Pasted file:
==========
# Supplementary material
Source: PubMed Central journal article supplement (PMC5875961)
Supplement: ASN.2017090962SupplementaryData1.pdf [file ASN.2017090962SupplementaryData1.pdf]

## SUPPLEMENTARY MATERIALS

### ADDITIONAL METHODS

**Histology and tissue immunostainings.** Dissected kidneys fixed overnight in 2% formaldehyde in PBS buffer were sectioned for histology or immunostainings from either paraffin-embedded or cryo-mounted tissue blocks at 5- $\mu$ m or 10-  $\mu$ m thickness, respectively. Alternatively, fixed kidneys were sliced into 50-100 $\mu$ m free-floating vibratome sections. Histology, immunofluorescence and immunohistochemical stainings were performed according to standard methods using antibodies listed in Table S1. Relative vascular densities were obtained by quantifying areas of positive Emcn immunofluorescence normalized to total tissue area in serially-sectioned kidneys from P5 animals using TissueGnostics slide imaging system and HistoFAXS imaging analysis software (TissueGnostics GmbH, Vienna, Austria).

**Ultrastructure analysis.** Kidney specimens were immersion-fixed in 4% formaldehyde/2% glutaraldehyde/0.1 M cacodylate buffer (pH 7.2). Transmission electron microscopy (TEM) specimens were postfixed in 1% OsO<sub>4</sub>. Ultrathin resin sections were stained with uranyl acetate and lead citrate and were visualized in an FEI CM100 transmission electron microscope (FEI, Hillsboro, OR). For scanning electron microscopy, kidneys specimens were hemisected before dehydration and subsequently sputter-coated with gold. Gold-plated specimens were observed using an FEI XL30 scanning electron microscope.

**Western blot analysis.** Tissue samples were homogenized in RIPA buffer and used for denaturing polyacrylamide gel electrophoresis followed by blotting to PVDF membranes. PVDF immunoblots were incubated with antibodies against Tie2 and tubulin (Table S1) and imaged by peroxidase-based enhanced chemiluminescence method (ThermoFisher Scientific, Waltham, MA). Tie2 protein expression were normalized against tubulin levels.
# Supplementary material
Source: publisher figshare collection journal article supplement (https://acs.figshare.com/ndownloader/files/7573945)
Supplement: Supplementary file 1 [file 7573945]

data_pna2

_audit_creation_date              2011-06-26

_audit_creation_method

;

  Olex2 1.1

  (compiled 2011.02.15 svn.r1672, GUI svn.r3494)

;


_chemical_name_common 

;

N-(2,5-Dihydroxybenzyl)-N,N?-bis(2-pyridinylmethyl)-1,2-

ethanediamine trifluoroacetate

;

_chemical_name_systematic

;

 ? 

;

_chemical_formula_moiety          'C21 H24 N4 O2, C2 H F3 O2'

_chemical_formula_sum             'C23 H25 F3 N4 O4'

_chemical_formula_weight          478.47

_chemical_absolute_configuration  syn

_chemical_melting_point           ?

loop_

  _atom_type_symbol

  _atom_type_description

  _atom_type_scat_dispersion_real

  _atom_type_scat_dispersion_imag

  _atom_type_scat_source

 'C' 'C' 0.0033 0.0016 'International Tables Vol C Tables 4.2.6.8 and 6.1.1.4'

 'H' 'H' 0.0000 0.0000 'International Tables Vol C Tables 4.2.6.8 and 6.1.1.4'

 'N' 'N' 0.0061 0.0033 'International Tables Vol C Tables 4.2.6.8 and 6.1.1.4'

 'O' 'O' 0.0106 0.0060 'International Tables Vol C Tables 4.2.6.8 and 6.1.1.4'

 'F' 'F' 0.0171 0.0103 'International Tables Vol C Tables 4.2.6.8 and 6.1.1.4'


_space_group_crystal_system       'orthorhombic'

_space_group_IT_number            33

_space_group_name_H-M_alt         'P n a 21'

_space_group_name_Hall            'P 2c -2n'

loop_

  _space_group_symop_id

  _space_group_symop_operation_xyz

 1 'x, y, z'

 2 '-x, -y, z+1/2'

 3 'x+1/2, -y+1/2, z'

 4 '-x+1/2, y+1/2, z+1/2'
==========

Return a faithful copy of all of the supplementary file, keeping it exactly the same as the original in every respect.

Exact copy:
# Supplementary material
Source: PubMed Central journal article supplement (PMC5875961)
Supplement: ASN.2017090962SupplementaryData1.pdf [file ASN.2017090962SupplementaryData1.pdf]

## SUPPLEMENTARY MATERIALS

### ADDITIONAL METHODS

**Histology and tissue immunostainings.** Dissected kidneys fixed overnight in 2% formaldehyde in PBS buffer were sectioned for histology or immunostainings from either paraffin-embedded or cryo-mounted tissue blocks at 5- $\mu$ m or 10-  $\mu$ m thickness, respectively. Alternatively, fixed kidneys were sliced into 50-100 $\mu$ m free-floating vibratome sections. Histology, immunofluorescence and immunohistochemical stainings were performed according to standard methods using antibodies listed in Table S1. Relative vascular densities were obtained by quantifying areas of positive Emcn immunofluorescence normalized to total tissue area in serially-sectioned kidneys from P5 animals using TissueGnostics slide imaging system and HistoFAXS imaging analysis software (TissueGnostics GmbH, Vienna, Austria).

**Ultrastructure analysis.** Kidney specimens were immersion-fixed in 4% formaldehyde/2% glutaraldehyde/0.1 M cacodylate buffer (pH 7.2). Transmission electron microscopy (TEM) specimens were postfixed in 1% OsO<sub>4</sub>. Ultrathin resin sections were stained with uranyl acetate and lead citrate and were visualized in an FEI CM100 transmission electron microscope (FEI, Hillsboro, OR). For scanning electron microscopy, kidneys specimens were hemisected before dehydration and subsequently sputter-coated with gold. Gold-plated specimens were observed using an FEI XL30 scanning electron microscope.

**Western blot analysis.** Tissue samples were homogenized in RIPA buffer and used for denaturing polyacrylamide gel electrophoresis followed by blotting to PVDF membranes. PVDF immunoblots were incubated with antibodies against Tie2 and tubulin (Table S1) and imaged by peroxidase-based enhanced chemiluminescence method (ThermoFisher Scientific, Waltham, MA). Tie2 protein expression were normalized against tubulin levels.
# Supplementary material
Source: publisher figshare collection journal article supplement (https://acs.figshare.com/ndownloader/files/7573945)
Supplement: Supplementary file 1 [file 7573945]

data_pna2

_audit_creation_date              2011-06-26

_audit_creation_method

;

  Olex2 1.1

  (compiled 2011.02.15 svn.r1672, GUI svn.r3494)

;


_chemical_name_common 

;

N-(2,5-Dihydroxybenzyl)-N,N?-bis(2-pyridinylmethyl)-1,2-

ethanediamine trifluoroacetate

;

_chemical_name_systematic

;

 ? 

;

_chemical_formula_moiety          'C21 H24 N4 O2, C2 H F3 O2'

_chemical_formula_sum             'C23 H25 F3 N4 O4'

_chemical_formula_weight          478.47

_chemical_absolute_configuration  syn

_chemical_melting_point           ?

loop_

  _atom_type_symbol

  _atom_type_description

  _atom_type_scat_dispersion_real

  _atom_type_scat_dispersion_imag

  _atom_type_scat_source

 'C' 'C' 0.0033 0.0016 'International Tables Vol C Tables 4.2.6.8 and 6.1.1.4'

 'H' 'H' 0.0000 0.0000 'International Tables Vol C Tables 4.2.6.8 and 6.1.1.4'

 'N' 'N' 0.0061 0.0033 'International Tables Vol C Tables 4.2.6.8 and 6.1.1.4'

 'O' 'O' 0.0106 0.0060 'International Tables Vol C Tables 4.2.6.8 and 6.1.1.4'

 'F' 'F' 0.0171 0.0103 'International Tables Vol C Tables 4.2.6.8 and 6.1.1.4'


_space_group_crystal_system       'orthorhombic'

_space_group_IT_number            33

_space_group_name_H-M_alt         'P n a 21'

_space_group_name_Hall            'P 2c -2n'

loop_

  _space_group_symop_id

  _space_group_symop_operation_xyz

 1 'x, y, z'

 2 '-x, -y, z+1/2'

 3 'x+1/2, -y+1/2, z'

 4 '-x+1/2, y+1/2, z+1/2'